Data marketing: data at the heart of your performance

Data marketing: data at the heart of your performance 1024 773 DJM digital

The value of digital marketing lies primarily in its measurability. Being able to measure the results of advertising efforts in order to improve, optimise and increase the profitability of campaigns is one of the many benefits that digital transformation has made available to all. Today, businesses of all sizes have a wealth of opportunities to learn more about their customers and deliver a personalised experience.

The different types of data

Data can be classified into 3 types depending on how you collect it:

  • First-party data is data collected directly by your company. For example, you can obtain it by placing a pixel on your website or application. The aim is to be able to track every interaction made by internet users via the different channels you use. All this data is usually gathered in a DMP (Data Management Platform) in order to have a holistic view of customer information.
  • Second-party data , this is quite similar to first-party data, except that it comes from another company. The process, therefore, consists of buying data from a company that owns it.
  • Finally, third-party data is data purchased from a company that has not collected it itself but has gone through a data aggregator. These aggregators are therefore intermediaries who buy data to resell it.
Data marketing team

What data should you collect?

In the past, companies tended to think that the right strategy was to collect as much data as possible. This was a big mistake! To be useful, data must be qualified.

We recommend that you identify the data that will be useful for you and your specific needs. If you are an SME, you may not be able to collect all the data you want directly. A large volume will probably be too much to handle, and you may not have the time to analyse it and therefore exploit it properly. It is, therefore, better to focus first on a limited amount of data to collect in order to optimise usability and performance.

Why collect data?

Collecting data can serve many purposes, the key issue currently being the hyper-personalisation of the customer journey . Today’s consumers want a unique and relevant experience. How can this be achieved? Using intelligent data collection, you can get to know your customers better so you can deliver the personalised content they want.

And once you’ve mastered the art of data marketing, you can go even further and leverage the insights you gain by predicting future trends. Using analysis, you will be able to create models, accurate buyer personas and predict the behaviour of your customers and prospects.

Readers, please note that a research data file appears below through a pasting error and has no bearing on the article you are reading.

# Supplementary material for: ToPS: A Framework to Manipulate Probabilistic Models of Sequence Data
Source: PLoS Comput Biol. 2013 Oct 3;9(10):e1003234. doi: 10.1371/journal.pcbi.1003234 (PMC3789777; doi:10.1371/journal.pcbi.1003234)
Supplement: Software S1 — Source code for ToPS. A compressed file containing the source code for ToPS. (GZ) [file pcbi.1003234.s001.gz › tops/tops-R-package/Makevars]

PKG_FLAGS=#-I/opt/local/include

How to collect data?

1. Conduct a pre-analysis

Before you even try to decipher your target’s behaviour and try to influence it, the first job is to accurately analyse the raw data to understand who your natural audience is. You need to have a comprehensive view of your current customers so that you can define clear objectives.

Are you going to focus on this target to grow your audience while keeping the focus on the same “type” of people? Will you try to move towards a different target than your current one? Will you segment your audience into different categories and create targeted campaigns for each? All these questions can only be answered after you have done a pre-analysis of the initial data collected.

2. Sort the data

When you start collecting data, not all of it will be relevant, and it will be necessary to sort through it. You will need to gather, clean and combine the data to get the most use out of it and unlock the potential it holds.

Gradually you will learn which data is worth collecting and optimise the process to avoid unnecessary mass collection. The final goal will be to connect different sources and link them to digital platforms, which will allow you to automate the activation of this data later on.

3. Analyse the data

Data marketing analyst

The first step in analysing the data is to ensure that you understand it. Analysis is time-consuming and requires time, rigour and significant technical skills. You will need to test, improve and enable your dashboards to continuously evolve.

To obtain tangible and visually pleasing analyses, we advise you to use the services of a data analyst. They will be able to transform your raw data into clear and comprehensible dashboards for you and your employees. This will give you a general idea of the results obtained at a glance.

4. Use the data

You now know your current target group and have obtained data that is relevant to your needs. Now it’s time to use this data to improve your performance and meet your goals!

You can:

  • Define target audiences to reach each market segment with the right message.
    As we have explained, the data collected allows you to better understand who your potential customers are, what they do and what their interests are. With this knowledge, marketers can better communicate with them, tailoring content and messaging to correlate with what the consumer is really interested in.
  • Predict future trends in your users’ behaviour. Draw conclusions from your analyses and continue to refine your data marketing strategy. Examine which types of ads work best on your target audience, which traffic sources your customers come from and study their buying journey. By carefully analysing the interactions on your digital platforms, you can predict the actions of each target segment and determine how to act upstream to engage with them.